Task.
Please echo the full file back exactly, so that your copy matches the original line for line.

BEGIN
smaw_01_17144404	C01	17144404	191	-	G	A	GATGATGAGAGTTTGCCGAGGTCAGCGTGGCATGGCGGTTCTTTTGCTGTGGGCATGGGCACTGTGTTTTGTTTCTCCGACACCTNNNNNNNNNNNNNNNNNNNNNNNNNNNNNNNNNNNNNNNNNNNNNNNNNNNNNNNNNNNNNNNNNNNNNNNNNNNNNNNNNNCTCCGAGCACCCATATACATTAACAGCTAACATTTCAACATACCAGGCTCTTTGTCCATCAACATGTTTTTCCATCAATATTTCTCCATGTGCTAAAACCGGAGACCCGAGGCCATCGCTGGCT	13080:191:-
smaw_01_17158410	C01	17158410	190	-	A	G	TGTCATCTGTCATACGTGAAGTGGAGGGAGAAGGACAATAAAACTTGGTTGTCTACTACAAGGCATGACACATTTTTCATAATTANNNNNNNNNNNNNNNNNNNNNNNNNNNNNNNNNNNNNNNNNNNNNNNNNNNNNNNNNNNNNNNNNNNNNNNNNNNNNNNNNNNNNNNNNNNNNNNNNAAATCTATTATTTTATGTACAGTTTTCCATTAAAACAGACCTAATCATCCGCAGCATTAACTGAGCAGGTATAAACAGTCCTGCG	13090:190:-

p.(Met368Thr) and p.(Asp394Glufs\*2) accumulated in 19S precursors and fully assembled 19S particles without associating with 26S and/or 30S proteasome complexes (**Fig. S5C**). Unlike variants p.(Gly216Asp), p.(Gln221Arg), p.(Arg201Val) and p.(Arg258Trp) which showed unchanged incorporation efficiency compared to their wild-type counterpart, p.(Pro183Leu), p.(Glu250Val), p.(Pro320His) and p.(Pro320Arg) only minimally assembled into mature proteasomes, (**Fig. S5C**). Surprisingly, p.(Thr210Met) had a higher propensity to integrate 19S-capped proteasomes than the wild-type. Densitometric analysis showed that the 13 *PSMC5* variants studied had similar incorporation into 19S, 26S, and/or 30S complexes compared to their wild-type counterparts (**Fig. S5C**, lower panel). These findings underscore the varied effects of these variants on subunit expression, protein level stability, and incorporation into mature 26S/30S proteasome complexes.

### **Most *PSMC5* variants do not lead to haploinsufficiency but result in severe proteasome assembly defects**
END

smaw_01_17144404	C01	17144404	191	-	G	A	GATGATGAGAGTTTGCCGAGGTCAGCGTGGCATGGCGGTTCTTTTGCTGTGGGCATGGGCACTGTGTTTTGTTTCTCCGACACCTNNNNNNNNNNNNNNNNNNNNNNNNNNNNNNNNNNNNNNNNNNNNNNNNNNNNNNNNNNNNNNNNNNNNNNNNNNNNNNNNNNCTCCGAGCACCCATATACATTAACAGCTAACATTTCAACATACCAGGCTCTTTGTCCATCAACATGTTTTTCCATCAATATTTCTCCATGTGCTAAAACCGGAGACCCGAGGCCATCGCTGGCT	13080:191:-
smaw_01_17158410	C01	17158410	190	-	A	G	TGTCATCTGTCATACGTGAAGTGGAGGGAGAAGGACAATAAAACTTGGTTGTCTACTACAAGGCATGACACATTTTTCATAATTANNNNNNNNNNNNNNNNNNNNNNNNNNNNNNNNNNNNNNNNNNNNNNNNNNNNNNNNNNNNNNNNNNNNNNNNNNNNNNNNNNNNNNNNNNNNNNNNNAAATCTATTATTTTATGTACAGTTTTCCATTAAAACAGACCTAATCATCCGCAGCATTAACTGAGCAGGTATAAACAGTCCTGCG	13090:190:-

p.(Met368Thr) and p.(Asp394Glufs\*2) accumulated in 19S precursors and fully assembled 19S particles without associating with 26S and/or 30S proteasome complexes (**Fig. S5C**). Unlike variants p.(Gly216Asp), p.(Gln221Arg), p.(Arg201Val) and p.(Arg258Trp) which showed unchanged incorporation efficiency compared to their wild-type counterpart, p.(Pro183Leu), p.(Glu250Val), p.(Pro320His) and p.(Pro320Arg) only minimally assembled into mature proteasomes, (**Fig. S5C**). Surprisingly, p.(Thr210Met) had a higher propensity to integrate 19S-capped proteasomes than the wild-type. Densitometric analysis showed that the 13 *PSMC5* variants studied had similar incorporation into 19S, 26S, and/or 30S complexes compared to their wild-type counterparts (**Fig. S5C**, lower panel). These findings underscore the varied effects of these variants on subunit expression, protein level stability, and incorporation into mature 26S/30S proteasome complexes.

### **Most *PSMC5* variants do not lead to haploinsufficiency but result in severe proteasome assembly defects**